Class participation and behavior are another aspect of the definition of a good student. Simply attending class is not enough; good students arrive punctually because they understand that tardiness disrupts the class and disrespects the professors. They might occasionally arrive a few minutes early to ask the professor questions about class materials or mentally prepare for the day’s work. Good students consistently pay attention during class discussions and take notes in lectures rather than engage in off-task behaviors, such as checking their cell phones or daydreaming. Excellent class participation requires a balance between speaking and listening, so good students will share their views when appropriate but also respect their classmates’ views when they differ from their own. It is easy to mistake quantity of class discussion comments with quality, but good students know the difference and do not try to dominate the conversation. Sometimes class participation is counted toward a student’s grade, but even without such clear rewards, good students understand how to perform and excel among their peers in the classroom.
Finally, good students maintain a positive and professional relationship with their professors. They respect their instructor’s authority in the classroom as well as the instructor’s privacy outside of the classroom. Prying into a professor’s personal life is inappropriate, but attending office hours to discuss course material is an appropriate, effective way for students to demonstrate their dedication and interest in learning. Good students go to their professor’s office during posted office hours or make an appointment if necessary. While instructors can be very busy, they are usually happy to offer guidance to students during office hours; after all, availability outside the classroom is a part of their job. Attending office hours can also help good students become memorable and stand out from the rest, particularly in lectures with hundreds enrolled. Maintaining positive, professional relationships with professors is especially important for those students who hope to attend graduate school and will need letters of recommendation in the future.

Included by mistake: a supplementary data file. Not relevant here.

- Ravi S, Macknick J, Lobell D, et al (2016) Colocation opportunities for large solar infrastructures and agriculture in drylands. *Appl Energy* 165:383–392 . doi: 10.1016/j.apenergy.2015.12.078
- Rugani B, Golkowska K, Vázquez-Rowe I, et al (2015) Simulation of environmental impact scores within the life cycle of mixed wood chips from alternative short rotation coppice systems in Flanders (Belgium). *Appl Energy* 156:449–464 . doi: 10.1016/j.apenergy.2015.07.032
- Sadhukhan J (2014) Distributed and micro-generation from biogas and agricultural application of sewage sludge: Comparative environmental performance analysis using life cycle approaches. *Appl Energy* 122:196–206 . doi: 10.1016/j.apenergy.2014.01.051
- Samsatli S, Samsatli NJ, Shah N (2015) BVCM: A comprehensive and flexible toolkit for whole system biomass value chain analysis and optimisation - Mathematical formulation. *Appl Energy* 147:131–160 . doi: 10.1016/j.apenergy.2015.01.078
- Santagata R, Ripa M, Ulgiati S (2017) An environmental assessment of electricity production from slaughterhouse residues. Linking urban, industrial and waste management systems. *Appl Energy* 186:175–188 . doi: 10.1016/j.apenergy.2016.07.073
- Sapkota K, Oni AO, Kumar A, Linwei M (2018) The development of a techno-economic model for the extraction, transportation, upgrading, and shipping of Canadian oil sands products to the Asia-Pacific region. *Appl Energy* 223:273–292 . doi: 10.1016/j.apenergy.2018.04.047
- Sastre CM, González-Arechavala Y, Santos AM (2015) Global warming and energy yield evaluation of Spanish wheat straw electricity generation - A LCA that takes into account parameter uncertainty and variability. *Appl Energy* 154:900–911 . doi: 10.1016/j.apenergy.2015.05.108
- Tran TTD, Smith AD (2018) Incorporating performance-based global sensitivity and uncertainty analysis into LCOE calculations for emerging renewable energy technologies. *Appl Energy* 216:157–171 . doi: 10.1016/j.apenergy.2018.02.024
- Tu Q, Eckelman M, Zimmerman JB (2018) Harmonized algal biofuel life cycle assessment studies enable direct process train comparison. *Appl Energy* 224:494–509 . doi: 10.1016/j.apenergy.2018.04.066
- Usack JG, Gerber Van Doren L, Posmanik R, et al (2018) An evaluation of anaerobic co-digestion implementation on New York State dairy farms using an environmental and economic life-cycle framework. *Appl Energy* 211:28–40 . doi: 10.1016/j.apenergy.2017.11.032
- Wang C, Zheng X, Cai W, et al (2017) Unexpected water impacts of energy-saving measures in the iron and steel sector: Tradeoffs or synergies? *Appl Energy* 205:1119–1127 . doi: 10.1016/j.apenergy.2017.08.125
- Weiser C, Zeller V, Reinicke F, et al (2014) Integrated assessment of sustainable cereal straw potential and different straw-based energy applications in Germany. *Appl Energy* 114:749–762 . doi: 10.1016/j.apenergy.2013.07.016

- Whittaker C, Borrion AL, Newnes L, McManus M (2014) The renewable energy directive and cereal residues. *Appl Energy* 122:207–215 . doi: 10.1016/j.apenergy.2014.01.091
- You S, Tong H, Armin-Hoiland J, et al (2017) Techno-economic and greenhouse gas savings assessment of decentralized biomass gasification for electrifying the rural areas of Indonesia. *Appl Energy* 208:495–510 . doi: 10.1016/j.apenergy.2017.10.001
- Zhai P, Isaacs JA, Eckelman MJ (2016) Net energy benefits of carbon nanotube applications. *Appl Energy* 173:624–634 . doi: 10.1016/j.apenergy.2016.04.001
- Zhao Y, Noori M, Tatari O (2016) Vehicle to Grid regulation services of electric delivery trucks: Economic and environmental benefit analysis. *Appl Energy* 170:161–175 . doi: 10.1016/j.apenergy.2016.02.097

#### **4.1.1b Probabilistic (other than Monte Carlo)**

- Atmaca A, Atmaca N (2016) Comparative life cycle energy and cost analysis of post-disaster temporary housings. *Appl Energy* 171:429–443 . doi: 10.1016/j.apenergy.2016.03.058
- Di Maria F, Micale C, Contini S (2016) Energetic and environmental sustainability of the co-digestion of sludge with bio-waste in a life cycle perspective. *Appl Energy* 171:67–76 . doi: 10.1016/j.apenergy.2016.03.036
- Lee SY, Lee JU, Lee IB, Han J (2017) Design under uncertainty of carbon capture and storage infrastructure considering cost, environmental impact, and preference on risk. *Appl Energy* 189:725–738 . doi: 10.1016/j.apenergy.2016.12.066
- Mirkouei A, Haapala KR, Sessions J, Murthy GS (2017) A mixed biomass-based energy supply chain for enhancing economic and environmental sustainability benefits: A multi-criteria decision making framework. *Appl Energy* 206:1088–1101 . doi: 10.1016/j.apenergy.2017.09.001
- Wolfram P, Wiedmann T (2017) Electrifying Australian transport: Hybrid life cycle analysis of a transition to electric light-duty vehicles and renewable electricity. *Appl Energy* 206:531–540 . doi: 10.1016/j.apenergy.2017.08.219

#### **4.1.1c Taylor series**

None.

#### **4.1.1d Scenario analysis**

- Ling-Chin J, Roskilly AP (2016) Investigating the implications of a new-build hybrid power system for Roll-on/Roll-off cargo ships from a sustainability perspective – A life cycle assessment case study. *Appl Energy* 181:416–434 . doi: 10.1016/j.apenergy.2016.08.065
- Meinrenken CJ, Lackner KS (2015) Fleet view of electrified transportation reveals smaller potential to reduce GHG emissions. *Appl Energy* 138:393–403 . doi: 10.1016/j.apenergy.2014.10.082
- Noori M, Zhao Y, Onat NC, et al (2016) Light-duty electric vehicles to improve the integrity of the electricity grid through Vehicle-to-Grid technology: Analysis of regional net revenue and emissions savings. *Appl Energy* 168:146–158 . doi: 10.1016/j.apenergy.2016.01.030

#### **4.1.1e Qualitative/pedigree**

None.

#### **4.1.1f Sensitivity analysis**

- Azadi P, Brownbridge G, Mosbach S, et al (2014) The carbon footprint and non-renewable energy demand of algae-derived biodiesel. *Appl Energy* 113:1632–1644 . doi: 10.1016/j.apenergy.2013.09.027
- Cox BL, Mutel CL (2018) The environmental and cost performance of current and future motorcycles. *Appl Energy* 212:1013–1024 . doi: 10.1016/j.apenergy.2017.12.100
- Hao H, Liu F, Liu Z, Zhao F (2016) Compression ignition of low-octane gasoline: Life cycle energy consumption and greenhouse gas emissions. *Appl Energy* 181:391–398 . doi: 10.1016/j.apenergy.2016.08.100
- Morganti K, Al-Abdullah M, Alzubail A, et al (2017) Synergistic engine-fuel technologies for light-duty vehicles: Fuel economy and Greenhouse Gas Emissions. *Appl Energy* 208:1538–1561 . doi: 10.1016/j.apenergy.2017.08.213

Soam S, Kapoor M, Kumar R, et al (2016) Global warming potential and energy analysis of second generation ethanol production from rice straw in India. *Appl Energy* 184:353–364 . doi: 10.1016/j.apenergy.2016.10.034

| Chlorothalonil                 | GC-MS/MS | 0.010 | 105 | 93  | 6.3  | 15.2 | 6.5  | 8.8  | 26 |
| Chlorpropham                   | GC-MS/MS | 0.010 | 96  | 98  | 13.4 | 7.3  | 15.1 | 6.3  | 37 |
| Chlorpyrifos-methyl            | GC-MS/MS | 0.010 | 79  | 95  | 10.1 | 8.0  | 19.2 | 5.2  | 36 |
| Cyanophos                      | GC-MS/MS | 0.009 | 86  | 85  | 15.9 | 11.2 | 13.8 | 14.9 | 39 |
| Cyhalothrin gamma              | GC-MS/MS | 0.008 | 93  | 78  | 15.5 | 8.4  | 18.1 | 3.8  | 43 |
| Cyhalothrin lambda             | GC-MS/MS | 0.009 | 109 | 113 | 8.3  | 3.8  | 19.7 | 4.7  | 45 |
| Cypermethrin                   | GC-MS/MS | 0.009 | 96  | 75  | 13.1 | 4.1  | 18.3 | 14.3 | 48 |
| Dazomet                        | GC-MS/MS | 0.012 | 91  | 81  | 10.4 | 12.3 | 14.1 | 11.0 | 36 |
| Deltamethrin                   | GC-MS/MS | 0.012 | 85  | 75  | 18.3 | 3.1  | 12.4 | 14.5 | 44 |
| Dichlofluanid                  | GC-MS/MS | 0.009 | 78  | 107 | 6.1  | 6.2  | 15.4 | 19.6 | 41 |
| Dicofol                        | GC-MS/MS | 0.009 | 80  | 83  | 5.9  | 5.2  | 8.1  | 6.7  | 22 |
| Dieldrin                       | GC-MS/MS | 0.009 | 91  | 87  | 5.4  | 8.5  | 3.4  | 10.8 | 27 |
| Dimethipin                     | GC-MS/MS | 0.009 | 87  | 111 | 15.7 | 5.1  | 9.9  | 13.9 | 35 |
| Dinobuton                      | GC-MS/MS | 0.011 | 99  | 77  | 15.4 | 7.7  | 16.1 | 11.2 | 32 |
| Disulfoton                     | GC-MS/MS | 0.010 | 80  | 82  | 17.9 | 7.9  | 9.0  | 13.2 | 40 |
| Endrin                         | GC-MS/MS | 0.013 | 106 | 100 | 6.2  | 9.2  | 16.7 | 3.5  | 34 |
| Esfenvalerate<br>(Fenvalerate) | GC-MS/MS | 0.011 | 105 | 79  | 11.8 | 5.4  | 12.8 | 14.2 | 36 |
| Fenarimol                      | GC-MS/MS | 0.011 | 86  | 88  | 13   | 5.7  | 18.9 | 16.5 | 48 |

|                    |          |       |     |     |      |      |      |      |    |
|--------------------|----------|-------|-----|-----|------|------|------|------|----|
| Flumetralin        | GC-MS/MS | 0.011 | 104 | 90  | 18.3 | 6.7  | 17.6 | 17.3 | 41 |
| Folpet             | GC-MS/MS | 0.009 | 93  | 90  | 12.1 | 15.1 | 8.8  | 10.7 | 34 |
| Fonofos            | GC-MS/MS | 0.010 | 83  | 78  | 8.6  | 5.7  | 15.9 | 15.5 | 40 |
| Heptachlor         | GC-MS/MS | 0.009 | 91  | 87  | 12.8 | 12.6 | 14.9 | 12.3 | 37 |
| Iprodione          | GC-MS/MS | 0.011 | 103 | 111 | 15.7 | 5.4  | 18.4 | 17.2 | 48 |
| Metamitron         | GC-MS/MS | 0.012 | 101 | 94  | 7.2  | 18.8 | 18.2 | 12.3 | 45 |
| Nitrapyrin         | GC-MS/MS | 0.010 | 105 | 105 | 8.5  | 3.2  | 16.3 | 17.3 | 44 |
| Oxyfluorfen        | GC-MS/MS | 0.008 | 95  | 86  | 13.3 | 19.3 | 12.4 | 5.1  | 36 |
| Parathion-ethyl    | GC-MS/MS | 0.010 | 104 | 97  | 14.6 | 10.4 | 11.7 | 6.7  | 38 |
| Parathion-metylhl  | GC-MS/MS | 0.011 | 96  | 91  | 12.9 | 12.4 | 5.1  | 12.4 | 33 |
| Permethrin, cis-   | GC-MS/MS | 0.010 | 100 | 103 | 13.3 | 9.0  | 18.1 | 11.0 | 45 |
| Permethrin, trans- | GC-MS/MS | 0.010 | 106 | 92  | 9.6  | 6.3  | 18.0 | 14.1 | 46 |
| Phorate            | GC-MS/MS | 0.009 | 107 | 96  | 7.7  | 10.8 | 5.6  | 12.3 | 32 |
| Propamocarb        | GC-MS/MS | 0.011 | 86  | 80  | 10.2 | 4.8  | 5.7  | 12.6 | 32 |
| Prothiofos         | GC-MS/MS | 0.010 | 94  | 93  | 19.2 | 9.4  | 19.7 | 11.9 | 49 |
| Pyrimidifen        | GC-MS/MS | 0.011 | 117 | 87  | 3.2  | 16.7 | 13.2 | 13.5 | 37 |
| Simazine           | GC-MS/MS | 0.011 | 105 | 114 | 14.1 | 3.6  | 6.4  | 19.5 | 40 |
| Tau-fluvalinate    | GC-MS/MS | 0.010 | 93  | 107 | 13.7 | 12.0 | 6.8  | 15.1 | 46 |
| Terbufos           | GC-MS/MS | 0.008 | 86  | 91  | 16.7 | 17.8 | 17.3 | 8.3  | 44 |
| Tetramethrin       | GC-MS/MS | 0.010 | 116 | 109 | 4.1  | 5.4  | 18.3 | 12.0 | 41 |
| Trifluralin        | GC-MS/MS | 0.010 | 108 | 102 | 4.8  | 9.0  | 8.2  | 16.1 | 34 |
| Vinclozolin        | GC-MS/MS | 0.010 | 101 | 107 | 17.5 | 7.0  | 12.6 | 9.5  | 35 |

Although good grades often accompany good students, grades are not the only way to indicate what it means to be a good student. The definition of a good student means demonstrating such traits as engaging with course material, participating in class, and creating a professional relationship with professors. While every professor will have different criteria for earning an A in their course, most would agree on these characteristics for defining good students.
This is a derivative of Writing for Success by a publisher who has requested that they and the original author not receive attribution, originally released and is used under CC BY-NC-SA. This work, unless otherwise expressly stated, is licensed under a Creative Commons Attribution-NonCommercial-ShareAlike 4.0 International License.